Using Caches in Multi-Tier Applications
This article analyzes the types of caches used in multi-tier applications, and discusses ways to solve cache-related problems, such as "stale" data. The article also looks into the caching frameworks provided by Oracle; specifically, Oracle Web Cache, Web Object Cache, Java Object Cache, and Oracle TopLink. You'll also learn about "no-cache" HTTP headers, dynamic content caching, data versioning, and optimistic locking.
Call JavaBean Methods from JSP 2.0 Pages
JSP 2.0 incorporated the expression language (EL) introduced by JSTL to let Web designers produce scriptless JSP pages that don't contain Java code. JSP 2.0 also provided new features for tag handlers such as dynamic attributes, the Simple Invocation Protocol, and .tag files. All those JSP technology improvements let you achieve the goal of separating the JSP/HTML markup from the Java code. One thing is missing, however. JSP 2.0 has no syntax for calling a public non-static JavaBean method from a scriptless JSP page. This article solves that issue by providing a JSP 2.0 simple tag with dynamic attributes.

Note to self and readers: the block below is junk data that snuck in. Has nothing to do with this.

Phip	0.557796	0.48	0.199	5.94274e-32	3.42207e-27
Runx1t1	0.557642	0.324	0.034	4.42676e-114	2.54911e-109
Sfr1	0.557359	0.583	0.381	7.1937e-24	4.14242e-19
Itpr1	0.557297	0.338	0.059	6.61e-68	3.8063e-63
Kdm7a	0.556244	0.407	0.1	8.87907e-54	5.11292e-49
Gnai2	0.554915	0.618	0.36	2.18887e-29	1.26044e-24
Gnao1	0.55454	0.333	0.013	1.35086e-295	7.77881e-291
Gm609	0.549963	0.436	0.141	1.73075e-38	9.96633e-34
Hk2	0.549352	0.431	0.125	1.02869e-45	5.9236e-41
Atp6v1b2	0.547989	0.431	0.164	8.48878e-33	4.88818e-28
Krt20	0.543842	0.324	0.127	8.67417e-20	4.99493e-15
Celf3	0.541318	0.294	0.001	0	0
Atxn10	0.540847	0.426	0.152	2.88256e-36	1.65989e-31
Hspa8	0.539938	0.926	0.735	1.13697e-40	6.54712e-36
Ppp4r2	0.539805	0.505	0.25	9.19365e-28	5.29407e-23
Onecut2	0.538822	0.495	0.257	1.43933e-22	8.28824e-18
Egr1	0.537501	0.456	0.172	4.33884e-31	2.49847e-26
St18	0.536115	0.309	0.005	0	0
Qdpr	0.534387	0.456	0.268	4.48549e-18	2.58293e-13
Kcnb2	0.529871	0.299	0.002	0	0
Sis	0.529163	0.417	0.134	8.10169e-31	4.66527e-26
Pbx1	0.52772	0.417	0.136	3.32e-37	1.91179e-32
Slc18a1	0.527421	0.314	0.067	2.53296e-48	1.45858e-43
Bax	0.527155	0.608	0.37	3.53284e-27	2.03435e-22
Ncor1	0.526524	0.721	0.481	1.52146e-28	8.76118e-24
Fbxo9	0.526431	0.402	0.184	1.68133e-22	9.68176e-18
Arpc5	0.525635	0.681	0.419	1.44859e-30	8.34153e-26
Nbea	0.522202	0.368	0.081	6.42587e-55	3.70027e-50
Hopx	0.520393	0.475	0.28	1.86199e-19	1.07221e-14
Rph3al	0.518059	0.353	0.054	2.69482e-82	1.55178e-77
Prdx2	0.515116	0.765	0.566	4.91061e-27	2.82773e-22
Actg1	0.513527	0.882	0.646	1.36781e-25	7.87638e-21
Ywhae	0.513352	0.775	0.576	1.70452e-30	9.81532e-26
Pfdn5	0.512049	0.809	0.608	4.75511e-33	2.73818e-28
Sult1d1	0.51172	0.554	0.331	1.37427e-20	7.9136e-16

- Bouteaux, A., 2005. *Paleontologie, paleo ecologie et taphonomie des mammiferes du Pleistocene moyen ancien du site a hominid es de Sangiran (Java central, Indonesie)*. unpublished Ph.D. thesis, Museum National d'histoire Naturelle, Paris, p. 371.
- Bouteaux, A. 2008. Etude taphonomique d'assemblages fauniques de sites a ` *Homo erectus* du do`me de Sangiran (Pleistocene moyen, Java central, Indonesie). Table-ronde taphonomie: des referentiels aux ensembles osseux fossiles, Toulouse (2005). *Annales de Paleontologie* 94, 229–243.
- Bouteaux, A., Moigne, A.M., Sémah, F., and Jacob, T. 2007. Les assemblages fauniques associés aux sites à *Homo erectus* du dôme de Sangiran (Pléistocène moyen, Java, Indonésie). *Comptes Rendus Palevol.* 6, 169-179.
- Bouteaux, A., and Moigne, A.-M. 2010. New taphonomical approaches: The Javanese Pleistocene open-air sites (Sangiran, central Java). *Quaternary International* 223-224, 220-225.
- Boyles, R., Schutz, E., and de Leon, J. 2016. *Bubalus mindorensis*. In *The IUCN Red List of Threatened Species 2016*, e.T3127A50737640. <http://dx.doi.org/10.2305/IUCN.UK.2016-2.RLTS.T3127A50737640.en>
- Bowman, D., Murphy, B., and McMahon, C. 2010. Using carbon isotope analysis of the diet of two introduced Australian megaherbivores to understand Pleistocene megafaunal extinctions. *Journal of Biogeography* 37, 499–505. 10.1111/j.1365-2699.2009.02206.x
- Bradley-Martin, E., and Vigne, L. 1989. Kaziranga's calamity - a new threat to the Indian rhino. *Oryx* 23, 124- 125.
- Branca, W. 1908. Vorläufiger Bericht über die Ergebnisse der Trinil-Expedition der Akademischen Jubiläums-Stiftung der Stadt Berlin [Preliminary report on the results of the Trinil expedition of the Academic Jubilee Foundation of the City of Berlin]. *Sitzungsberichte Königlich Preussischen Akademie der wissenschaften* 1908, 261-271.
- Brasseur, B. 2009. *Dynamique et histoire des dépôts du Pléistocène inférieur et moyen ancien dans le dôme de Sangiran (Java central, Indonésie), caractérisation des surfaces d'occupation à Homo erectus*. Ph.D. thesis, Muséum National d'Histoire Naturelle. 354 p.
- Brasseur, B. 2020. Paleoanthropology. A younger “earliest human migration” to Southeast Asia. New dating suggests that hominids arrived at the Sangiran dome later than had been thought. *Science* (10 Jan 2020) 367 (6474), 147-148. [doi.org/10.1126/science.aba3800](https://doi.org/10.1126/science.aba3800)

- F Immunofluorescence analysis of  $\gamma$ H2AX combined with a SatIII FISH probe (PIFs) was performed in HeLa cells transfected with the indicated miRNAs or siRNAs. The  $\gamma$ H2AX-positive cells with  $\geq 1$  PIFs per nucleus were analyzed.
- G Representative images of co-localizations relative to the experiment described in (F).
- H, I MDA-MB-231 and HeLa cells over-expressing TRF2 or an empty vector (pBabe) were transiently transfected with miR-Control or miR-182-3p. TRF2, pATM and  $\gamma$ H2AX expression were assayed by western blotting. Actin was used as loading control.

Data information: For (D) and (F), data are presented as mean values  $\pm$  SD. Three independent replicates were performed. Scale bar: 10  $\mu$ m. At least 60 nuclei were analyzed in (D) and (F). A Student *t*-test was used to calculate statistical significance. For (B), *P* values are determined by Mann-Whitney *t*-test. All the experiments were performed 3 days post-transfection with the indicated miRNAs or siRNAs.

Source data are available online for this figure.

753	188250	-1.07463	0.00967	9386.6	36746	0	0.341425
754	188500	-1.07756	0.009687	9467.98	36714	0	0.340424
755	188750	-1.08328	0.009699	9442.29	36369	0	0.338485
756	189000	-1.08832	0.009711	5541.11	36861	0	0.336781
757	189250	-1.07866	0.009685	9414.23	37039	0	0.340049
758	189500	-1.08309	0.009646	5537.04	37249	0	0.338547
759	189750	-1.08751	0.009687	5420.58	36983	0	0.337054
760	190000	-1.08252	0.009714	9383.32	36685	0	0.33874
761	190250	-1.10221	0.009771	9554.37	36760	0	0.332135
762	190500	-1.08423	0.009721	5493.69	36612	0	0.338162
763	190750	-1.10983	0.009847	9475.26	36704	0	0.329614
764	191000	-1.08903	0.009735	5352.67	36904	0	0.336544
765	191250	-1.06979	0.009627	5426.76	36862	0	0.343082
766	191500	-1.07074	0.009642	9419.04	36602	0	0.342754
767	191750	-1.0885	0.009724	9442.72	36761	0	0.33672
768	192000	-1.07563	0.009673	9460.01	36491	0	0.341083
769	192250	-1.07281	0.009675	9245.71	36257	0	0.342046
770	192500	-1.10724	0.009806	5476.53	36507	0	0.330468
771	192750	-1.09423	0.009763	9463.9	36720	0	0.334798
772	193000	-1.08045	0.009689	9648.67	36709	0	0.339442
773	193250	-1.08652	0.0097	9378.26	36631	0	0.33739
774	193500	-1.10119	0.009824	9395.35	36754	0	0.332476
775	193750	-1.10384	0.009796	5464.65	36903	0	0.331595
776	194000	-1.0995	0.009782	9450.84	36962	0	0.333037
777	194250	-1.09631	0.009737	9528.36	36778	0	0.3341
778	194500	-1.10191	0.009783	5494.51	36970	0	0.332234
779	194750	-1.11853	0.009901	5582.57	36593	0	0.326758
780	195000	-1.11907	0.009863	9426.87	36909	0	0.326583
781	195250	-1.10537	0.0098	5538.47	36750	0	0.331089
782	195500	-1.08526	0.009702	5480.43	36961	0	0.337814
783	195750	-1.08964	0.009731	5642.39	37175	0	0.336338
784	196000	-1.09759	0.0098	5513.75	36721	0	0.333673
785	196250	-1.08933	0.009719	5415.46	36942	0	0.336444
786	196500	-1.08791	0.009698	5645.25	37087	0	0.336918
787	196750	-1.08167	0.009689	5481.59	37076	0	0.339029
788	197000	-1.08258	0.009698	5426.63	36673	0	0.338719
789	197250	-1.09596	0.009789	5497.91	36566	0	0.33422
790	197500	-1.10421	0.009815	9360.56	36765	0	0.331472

Caching Dynamic Content with JSP 2.0
This article improves a technique developed as part of the Apache Jakarta project, allowing JSP pages to customize the cached content for each request or user, using the JSP 2.0 Expression Language (EL). The creation of the dynamic content is optimized and the cached fragments can have pieces of content that are generated for each request using the native expression language of JSP. This is possible with the help of the JSP 2.0 EL API, which exposes the expression language to the Java developer.
JSP Progress Bars
When a JSP invokes an expensive operation whose result cannot be cached (on the server side), the user will have to wait each time he requests the page. Eventually, the user will lose his patience and he'll click the browser's Refresh or Reload button. This leads to ignored page requests that do heavy processing. The article shows how to solve the problem described above by starting the heavy task in a separate thread.